Guest post by Ken Perez, vice president of healthcare policy, Omnicell.
During much of 2014, there seemed to be a rising tide of negativism about the Centers for Medicare & Medicaid Services’ accountable care organization (ACO) programs. After losing nine of its participating organizations after its first year of operation, the Pioneer ACO model suffered some more high-profile departures in 2014.
In August, Sharp HealthCare, a five-hospital system in San Diego, Calif., exited the program, and the following month, three other ACOs—Franciscan Alliance in central Indiana, Genesys PHO in Flint, Mich., and Renaissance Health Network in Pennsylvania—also dropped out. Since the Pioneer program’s inception in January 2012, the total number of Pioneers has dropped by 41 percent, from 32 participants to 19.
The bad news wasn’t confined to the Pioneer program. An October 2014 survey by the National Association of ACOs (NAACOS) indicated that two-thirds of Medicare Shared Savings Program (MSSP) participants are “highly” or “somewhat” unlikely to remain in the ACO program as it currently stands. Clearly, the Medicare ACO ship certainly seemed to be sinking.
In an attempt to right the ship, on Dec. 1, 2014, CMS released a long-awaited 429-page proposed rule to modify the MSSP, seeking to retain as many of the current MSSP ACOs as possible and attract new participants to the program. The words “encourage” or “encouraging” appear almost 100 times in the document—with an eye, ultimately, toward greater ACO participation in risk-based models. However, in spite of CMS’s intention, NAACOS and the American Hospital Association’s initial responses to the proposed rule were generally critical. CMS is accepting public comments until Feb. 6, 2015, after which it will compose the final rule, a process which should take, if history is a guide, three to six months.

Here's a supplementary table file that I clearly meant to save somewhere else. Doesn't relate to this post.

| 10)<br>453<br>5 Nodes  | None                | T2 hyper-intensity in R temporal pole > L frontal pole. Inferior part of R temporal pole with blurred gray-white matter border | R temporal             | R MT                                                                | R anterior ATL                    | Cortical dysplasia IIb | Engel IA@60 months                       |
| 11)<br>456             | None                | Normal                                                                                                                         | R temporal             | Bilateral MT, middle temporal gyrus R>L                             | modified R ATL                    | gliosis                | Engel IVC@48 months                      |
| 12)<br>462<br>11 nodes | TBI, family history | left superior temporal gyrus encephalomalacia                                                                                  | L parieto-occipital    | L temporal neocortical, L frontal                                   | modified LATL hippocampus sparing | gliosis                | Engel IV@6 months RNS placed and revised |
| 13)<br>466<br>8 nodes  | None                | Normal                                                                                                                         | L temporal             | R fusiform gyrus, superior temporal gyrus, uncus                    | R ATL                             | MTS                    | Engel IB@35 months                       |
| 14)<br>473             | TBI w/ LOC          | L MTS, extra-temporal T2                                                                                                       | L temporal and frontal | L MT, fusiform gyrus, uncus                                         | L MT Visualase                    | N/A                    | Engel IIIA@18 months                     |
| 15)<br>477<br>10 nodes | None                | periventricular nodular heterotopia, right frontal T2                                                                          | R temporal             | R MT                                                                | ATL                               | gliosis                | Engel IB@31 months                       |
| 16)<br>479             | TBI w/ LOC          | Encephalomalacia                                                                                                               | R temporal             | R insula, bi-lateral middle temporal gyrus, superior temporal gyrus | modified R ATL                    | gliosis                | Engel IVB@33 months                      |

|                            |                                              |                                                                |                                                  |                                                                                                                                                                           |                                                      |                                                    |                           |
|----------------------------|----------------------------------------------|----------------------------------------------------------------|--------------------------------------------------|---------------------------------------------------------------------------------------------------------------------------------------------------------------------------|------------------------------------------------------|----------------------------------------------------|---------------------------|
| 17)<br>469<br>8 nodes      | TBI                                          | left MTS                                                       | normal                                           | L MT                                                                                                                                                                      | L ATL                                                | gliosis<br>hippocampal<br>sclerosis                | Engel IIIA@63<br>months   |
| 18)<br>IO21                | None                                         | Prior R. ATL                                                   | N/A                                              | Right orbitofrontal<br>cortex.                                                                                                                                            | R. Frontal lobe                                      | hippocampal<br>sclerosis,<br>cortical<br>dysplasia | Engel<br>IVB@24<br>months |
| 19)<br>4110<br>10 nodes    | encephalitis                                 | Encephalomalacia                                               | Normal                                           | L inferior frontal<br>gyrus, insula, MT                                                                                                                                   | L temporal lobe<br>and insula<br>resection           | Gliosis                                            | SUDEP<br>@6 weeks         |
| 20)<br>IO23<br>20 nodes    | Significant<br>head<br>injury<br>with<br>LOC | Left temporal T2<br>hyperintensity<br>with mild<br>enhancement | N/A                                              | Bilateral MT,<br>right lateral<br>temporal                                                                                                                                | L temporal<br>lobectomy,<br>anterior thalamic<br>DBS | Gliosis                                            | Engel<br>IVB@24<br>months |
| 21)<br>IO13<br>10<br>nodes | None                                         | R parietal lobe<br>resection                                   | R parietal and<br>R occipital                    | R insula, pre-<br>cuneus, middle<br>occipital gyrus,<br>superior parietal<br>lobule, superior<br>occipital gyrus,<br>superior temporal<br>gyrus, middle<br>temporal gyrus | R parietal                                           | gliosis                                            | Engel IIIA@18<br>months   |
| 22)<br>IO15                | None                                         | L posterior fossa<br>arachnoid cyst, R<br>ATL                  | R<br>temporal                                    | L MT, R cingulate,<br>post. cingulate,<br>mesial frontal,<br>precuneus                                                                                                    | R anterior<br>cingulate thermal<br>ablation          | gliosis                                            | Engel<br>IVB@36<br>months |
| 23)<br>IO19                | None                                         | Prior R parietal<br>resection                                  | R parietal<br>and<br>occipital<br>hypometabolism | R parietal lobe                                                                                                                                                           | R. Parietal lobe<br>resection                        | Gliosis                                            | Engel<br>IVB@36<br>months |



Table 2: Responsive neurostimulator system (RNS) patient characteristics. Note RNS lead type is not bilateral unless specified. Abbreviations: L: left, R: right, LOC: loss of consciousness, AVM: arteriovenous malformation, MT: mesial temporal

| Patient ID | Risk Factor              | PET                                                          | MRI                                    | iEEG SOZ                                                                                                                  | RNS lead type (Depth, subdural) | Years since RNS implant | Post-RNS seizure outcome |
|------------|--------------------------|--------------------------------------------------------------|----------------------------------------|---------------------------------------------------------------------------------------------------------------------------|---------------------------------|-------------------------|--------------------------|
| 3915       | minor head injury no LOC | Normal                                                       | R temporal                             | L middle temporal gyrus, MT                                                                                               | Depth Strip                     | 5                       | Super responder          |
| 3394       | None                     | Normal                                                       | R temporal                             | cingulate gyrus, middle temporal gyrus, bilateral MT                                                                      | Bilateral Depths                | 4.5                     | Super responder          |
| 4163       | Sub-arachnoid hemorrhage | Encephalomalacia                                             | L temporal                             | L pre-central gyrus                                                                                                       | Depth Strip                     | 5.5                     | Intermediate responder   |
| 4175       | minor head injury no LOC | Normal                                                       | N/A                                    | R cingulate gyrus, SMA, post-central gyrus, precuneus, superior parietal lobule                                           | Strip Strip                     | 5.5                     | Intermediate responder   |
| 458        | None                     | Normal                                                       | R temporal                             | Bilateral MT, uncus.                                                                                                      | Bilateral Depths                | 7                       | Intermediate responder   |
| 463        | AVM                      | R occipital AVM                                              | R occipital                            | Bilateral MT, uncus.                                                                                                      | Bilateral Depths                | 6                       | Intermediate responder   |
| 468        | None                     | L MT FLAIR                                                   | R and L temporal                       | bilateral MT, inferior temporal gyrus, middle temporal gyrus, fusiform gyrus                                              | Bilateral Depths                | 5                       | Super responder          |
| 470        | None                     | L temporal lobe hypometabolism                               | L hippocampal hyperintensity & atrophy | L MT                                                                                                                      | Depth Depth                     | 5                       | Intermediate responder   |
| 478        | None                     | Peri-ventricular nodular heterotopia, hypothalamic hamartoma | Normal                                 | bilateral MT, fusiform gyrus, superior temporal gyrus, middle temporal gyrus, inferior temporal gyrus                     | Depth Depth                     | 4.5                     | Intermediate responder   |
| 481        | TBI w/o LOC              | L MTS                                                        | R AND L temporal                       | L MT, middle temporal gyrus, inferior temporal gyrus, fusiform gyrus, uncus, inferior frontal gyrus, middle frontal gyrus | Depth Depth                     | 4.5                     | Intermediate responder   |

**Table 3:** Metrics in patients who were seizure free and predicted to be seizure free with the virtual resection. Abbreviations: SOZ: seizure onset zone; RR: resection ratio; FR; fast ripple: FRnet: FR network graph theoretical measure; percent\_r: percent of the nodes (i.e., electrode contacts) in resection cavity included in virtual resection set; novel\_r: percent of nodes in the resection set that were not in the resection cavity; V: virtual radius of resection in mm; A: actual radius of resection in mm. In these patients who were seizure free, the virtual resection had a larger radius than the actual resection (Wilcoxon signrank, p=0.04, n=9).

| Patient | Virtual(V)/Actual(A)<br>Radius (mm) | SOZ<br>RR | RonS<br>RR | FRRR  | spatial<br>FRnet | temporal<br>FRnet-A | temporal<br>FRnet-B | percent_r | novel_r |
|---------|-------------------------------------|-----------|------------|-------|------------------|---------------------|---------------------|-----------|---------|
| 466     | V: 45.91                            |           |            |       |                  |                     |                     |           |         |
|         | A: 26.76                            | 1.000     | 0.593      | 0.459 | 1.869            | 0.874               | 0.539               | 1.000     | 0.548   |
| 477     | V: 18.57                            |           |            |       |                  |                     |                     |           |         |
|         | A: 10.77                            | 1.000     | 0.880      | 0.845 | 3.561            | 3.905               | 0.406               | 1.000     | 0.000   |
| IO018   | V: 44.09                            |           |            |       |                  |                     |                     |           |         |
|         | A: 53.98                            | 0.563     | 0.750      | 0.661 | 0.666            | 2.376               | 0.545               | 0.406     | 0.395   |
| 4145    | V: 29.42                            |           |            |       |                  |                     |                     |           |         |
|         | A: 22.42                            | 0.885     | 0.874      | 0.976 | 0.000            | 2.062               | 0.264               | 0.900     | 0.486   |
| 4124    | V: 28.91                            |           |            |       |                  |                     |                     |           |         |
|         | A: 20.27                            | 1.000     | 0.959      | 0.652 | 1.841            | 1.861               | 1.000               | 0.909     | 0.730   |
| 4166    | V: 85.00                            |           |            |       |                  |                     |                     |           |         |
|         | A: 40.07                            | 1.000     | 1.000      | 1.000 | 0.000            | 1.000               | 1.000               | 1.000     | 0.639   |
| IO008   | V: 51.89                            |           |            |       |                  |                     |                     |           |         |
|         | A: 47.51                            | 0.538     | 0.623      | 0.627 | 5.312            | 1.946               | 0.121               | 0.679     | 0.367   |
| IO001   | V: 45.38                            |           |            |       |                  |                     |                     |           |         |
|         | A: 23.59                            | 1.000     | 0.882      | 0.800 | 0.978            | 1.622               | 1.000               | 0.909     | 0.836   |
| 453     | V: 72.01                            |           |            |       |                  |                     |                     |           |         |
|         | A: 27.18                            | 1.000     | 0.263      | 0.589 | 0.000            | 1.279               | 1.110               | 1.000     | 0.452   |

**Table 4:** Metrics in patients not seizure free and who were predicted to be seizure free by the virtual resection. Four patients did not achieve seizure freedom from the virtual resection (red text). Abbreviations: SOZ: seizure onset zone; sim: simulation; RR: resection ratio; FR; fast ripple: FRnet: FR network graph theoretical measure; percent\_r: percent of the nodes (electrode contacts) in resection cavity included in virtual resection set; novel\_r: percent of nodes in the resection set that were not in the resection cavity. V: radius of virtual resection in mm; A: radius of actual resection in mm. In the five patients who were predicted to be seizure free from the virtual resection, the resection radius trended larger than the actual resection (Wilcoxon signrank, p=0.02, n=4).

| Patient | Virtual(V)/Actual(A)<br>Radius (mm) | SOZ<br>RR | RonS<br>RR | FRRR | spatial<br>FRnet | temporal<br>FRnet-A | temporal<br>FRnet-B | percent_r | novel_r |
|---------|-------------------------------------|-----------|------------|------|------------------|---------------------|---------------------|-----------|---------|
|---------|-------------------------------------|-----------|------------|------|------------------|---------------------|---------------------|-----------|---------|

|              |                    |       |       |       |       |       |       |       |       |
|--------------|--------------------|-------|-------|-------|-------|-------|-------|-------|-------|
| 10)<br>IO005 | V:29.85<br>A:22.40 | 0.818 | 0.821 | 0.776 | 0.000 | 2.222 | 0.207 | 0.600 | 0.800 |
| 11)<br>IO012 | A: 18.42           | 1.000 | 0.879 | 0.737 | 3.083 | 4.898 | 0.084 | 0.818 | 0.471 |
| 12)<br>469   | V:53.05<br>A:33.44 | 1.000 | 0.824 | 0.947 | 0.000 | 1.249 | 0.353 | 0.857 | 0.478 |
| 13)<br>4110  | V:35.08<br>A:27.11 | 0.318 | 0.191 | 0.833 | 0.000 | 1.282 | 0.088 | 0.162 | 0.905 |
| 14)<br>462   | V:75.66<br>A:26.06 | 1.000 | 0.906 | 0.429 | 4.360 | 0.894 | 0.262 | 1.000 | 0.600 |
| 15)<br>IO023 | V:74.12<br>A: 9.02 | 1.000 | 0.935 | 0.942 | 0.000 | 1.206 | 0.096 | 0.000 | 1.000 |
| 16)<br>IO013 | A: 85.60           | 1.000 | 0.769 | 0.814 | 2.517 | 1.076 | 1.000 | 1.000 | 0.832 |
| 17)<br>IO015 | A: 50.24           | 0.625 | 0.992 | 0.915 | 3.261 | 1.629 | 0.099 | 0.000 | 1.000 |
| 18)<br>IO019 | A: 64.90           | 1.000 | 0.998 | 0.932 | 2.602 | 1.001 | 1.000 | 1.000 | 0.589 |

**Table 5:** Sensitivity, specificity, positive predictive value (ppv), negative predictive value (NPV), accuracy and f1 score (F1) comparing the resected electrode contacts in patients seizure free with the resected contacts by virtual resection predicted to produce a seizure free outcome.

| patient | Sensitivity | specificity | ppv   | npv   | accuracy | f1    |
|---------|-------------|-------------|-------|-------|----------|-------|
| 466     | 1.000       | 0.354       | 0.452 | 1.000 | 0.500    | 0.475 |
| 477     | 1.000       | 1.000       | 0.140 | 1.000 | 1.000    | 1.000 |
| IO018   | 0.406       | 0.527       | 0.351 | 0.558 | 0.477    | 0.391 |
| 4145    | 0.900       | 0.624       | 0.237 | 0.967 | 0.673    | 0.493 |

Against this backdrop of actual and threatened program departures, as well as the revamping of the MSSP program, CMS surprisingly announced on Dec. 22, 2014, the addition of 89 new MSSP ACOs. With this new class, CMS will have a total of 405 ACOs participating in the Shared Savings Program in 2015, serving more than 7.2 million beneficiaries. Adding the Innovation Center’s 19 Pioneer ACOs, CMS will have a total of 424 ACOs serving over 7.8 million beneficiaries, roughly one out of every seven Medicare beneficiaries.
While this latest cohort is smaller than the 123 ACOs added in 2014 and the 106 ACOs brought onboard in 2013, the 89 new ACOs have an average beneficiary population that is 67 percent higher than that of the previous pool. In addition, the new cohort has a service area that spans 40 states. As a result, there will be Medicare ACOs in every state (and Puerto Rico), with Alaska and Hawaii the only exceptions. Furthermore, the new ACOs will bring with them 23,000 physicians and other providers, building on the 17,000 providers that were added to existing MSSP ACOs in 2014.
The juxtaposition of the widely expressed concerns about the Medicare ACO programs with the addition of 89 new MSSP ACOs is fascinating. Apparently, the members of this new cohort were willing to accept the current terms and conditions, without any guarantees that CMS would subsequently “sweeten” the program. They joined the long, challenging march toward accountable care. The new ACOs’ enlistment is reminiscent of these words from Chuck Yeager, retired brigadier general in the United States Air Force and record-setting test pilot: “You don’t concentrate on risks. You concentrate on results. No risk is too great to prevent the necessary job from getting done.”